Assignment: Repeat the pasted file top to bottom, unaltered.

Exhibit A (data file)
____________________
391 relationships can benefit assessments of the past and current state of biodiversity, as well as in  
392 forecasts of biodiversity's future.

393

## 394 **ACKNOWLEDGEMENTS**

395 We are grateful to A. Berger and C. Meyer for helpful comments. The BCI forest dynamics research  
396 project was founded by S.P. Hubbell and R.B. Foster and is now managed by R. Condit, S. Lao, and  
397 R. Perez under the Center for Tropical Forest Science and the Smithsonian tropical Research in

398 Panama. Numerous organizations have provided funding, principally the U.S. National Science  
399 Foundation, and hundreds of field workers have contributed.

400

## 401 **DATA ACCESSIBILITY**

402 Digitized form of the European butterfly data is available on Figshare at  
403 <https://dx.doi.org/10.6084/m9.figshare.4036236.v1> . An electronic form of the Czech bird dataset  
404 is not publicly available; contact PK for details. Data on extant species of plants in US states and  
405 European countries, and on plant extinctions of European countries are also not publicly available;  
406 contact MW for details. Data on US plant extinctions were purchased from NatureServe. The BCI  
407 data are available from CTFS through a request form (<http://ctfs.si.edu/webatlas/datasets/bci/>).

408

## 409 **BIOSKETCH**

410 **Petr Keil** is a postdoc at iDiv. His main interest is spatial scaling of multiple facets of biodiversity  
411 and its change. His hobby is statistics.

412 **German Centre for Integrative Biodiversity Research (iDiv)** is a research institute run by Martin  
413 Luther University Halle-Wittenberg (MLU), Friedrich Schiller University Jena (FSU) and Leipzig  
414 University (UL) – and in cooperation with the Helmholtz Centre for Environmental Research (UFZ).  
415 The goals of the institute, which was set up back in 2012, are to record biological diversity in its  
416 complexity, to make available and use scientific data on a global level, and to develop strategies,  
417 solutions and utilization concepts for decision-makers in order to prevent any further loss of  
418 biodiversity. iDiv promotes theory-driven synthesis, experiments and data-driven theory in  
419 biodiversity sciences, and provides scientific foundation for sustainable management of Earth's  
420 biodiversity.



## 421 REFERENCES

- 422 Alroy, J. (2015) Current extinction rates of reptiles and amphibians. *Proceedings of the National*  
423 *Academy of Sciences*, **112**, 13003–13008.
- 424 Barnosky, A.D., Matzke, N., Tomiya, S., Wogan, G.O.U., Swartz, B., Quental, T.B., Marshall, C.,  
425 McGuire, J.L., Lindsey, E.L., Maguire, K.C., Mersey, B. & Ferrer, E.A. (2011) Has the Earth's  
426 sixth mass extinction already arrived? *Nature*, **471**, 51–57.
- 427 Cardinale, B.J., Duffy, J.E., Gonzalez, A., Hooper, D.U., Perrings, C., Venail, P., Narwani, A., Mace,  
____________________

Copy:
391 relationships can benefit assessments of the past and current state of biodiversity, as well as in  
392 forecasts of biodiversity's future.

393

## 394 **ACKNOWLEDGEMENTS**

395 We are grateful to A. Berger and C. Meyer for helpful comments. The BCI forest dynamics research  
396 project was founded by S.P. Hubbell and R.B. Foster and is now managed by R. Condit, S. Lao, and  
397 R. Perez under the Center for Tropical Forest Science and the Smithsonian tropical Research in

398 Panama. Numerous organizations have provided funding, principally the U.S. National Science  
399 Foundation, and hundreds of field workers have contributed.

400

## 401 **DATA ACCESSIBILITY**

402 Digitized form of the European butterfly data is available on Figshare at  
403 <https://dx.doi.org/10.6084/m9.figshare.4036236.v1> . An electronic form of the Czech bird dataset  
404 is not publicly available; contact PK for details. Data on extant species of plants in US states and  
405 European countries, and on plant extinctions of European countries are also not publicly available;  
406 contact MW for details. Data on US plant extinctions were purchased from NatureServe. The BCI  
407 data are available from CTFS through a request form (<http://ctfs.si.edu/webatlas/datasets/bci/>).

408

## 409 **BIOSKETCH**

410 **Petr Keil** is a postdoc at iDiv. His main interest is spatial scaling of multiple facets of biodiversity  
411 and its change. His hobby is statistics.

412 **German Centre for Integrative Biodiversity Research (iDiv)** is a research institute run by Martin  
413 Luther University Halle-Wittenberg (MLU), Friedrich Schiller University Jena (FSU) and Leipzig  
414 University (UL) – and in cooperation with the Helmholtz Centre for Environmental Research (UFZ).  
415 The goals of the institute, which was set up back in 2012, are to record biological diversity in its  
416 complexity, to make available and use scientific data on a global level, and to develop strategies,  
417 solutions and utilization concepts for decision-makers in order to prevent any further loss of  
418 biodiversity. iDiv promotes theory-driven synthesis, experiments and data-driven theory in  
419 biodiversity sciences, and provides scientific foundation for sustainable management of Earth's  
420 biodiversity.



## 421 REFERENCES

- 422 Alroy, J. (2015) Current extinction rates of reptiles and amphibians. *Proceedings of the National*  
423 *Academy of Sciences*, **112**, 13003–13008.
- 424 Barnosky, A.D., Matzke, N., Tomiya, S., Wogan, G.O.U., Swartz, B., Quental, T.B., Marshall, C.,  
425 McGuire, J.L., Lindsey, E.L., Maguire, K.C., Mersey, B. & Ferrer, E.A. (2011) Has the Earth's  
426 sixth mass extinction already arrived? *Nature*, **471**, 51–57.
- 427 Cardinale, B.J., Duffy, J.E., Gonzalez, A., Hooper, D.U., Perrings, C., Venail, P., Narwani, A., Mace,  